“My addiction started around 13 or 14 years old with alcohol. The first time I got drunk it was with a group of buddies. I was drunk and I made everybody laugh. I remember it was an awesome time. Everybody was laughing and everyone thought I was so funny. It made me feel accepted, it made me feel cool, everybody looked up to me; I was the life of the party. I kept that role my whole life.”

A knee injury ended his participation in sports and alcohol led to pot, which eventually led to his meth addiction.

“Drugs took me down a path that my parents never would have imagined, that I never would have imagined,” Jacobs said.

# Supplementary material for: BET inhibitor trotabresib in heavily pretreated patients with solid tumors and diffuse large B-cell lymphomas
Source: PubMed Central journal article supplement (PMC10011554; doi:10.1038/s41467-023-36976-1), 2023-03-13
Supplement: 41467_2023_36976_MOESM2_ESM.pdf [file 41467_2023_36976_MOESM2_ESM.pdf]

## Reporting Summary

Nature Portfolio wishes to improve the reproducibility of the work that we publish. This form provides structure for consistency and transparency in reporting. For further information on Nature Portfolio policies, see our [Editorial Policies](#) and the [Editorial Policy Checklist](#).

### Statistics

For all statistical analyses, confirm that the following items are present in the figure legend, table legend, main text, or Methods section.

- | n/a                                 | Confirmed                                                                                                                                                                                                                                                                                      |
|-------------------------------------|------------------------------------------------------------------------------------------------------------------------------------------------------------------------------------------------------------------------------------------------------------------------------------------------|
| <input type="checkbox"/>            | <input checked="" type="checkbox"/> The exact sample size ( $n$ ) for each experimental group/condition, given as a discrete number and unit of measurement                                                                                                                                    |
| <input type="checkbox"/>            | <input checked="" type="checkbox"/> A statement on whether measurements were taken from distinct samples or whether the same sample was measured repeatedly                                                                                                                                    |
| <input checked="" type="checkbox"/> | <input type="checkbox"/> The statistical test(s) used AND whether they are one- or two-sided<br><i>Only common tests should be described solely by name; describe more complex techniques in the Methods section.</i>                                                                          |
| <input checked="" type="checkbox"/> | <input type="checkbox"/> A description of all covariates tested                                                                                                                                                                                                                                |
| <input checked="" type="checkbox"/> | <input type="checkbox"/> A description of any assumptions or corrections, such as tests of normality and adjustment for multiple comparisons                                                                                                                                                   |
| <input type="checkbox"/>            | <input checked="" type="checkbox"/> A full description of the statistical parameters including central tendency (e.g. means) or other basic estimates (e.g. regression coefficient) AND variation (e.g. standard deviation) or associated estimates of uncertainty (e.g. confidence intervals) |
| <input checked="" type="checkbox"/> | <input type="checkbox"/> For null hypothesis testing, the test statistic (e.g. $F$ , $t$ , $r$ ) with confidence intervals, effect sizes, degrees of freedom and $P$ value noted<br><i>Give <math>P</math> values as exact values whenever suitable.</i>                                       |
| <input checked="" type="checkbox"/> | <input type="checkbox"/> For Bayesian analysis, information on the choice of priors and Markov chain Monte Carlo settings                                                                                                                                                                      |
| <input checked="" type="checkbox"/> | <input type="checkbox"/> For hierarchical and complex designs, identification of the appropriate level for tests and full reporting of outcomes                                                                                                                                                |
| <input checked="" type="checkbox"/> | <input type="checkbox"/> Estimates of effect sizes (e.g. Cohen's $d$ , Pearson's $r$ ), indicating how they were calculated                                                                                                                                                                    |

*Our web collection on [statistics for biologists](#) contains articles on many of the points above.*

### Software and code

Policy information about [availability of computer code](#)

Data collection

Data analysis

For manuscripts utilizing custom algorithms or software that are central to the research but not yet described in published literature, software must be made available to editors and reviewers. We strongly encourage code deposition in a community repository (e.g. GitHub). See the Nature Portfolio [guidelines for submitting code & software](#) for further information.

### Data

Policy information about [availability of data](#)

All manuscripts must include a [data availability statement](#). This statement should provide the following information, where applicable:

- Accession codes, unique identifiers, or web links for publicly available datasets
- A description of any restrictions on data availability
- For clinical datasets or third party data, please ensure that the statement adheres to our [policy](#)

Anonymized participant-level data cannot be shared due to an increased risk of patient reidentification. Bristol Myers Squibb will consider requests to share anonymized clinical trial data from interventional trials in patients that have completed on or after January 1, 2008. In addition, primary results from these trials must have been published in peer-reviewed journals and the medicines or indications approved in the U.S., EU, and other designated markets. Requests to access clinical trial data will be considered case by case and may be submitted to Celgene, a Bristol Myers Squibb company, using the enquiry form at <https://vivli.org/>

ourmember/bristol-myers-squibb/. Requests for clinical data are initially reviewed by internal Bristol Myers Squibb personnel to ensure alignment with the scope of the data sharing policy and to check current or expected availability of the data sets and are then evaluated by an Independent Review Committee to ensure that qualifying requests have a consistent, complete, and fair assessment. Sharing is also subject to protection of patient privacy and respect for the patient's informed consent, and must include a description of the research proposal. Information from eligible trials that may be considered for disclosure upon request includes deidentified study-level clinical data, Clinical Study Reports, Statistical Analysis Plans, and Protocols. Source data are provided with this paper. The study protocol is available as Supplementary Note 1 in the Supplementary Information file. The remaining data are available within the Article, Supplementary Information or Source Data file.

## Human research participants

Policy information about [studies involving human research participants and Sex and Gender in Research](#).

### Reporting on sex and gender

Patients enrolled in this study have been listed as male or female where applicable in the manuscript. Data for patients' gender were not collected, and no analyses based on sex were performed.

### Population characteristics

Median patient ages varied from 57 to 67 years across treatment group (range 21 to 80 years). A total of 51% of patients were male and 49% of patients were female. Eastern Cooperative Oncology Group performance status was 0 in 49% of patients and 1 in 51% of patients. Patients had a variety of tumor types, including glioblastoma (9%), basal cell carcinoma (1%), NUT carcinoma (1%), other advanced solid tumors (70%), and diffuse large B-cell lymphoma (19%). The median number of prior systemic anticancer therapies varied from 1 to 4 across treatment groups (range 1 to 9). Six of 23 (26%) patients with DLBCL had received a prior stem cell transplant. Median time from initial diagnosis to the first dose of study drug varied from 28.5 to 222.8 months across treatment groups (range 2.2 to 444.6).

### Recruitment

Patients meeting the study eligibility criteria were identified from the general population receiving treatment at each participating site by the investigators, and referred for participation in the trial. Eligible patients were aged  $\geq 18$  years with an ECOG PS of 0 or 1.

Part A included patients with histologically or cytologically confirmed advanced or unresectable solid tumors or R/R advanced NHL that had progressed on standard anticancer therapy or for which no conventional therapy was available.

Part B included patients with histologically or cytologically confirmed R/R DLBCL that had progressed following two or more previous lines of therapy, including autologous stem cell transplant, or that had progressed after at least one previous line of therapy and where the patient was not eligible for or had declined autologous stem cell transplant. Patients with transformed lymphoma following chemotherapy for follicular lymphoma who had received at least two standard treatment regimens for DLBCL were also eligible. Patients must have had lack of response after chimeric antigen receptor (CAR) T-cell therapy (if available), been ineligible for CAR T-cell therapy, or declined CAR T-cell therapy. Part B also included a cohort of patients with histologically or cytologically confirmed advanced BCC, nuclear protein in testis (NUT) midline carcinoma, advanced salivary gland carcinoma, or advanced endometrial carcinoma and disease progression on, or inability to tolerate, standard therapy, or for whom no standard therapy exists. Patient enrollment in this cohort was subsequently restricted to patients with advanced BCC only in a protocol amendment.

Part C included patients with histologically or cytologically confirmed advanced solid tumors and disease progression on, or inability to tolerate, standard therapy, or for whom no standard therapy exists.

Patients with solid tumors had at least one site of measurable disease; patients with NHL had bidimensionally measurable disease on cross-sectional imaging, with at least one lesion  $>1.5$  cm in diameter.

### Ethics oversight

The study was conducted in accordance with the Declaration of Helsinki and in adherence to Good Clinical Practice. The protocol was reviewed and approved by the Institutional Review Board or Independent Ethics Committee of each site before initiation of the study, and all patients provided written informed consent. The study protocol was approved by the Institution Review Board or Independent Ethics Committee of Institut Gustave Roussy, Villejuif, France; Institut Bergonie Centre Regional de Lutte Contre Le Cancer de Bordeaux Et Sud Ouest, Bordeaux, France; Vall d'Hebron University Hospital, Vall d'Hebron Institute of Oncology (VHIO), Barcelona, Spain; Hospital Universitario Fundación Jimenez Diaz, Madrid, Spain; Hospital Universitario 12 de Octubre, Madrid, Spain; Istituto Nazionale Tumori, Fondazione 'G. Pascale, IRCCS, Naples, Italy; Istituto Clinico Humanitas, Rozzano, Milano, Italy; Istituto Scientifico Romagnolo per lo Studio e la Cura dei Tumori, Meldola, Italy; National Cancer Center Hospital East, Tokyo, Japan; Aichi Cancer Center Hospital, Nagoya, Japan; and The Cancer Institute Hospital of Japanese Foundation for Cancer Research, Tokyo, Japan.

After time in a detention center, he overdosed.

“I was in a coma for a while and [my family] was told if I ever came out of it, I would be a vegetable. My liver and kidneys had shut down and it was a downward spiral from there.”

Right out of high school, Jacobs went to prison for three years for selling meth.

“I sort of accepted that would be my lifestyle the rest of my life. I got out of prison twice and went back [to meth] – the first time within five months and the second time within 30 days.

From age 17 to 22, he had been through eight treatment programs.

“My first treatment I was 17 years old and the older guys were telling me I needed to stop now or I’d end up in prison… I didn’t think I had an addiction. I thought it was a phase in my life and when I wanted to come out of it, I could have. I proved all of them right: Prison three times, jail more times than I can count.

“Meth has ruined everything good that has happened in my life. Meth took over my life,” he said.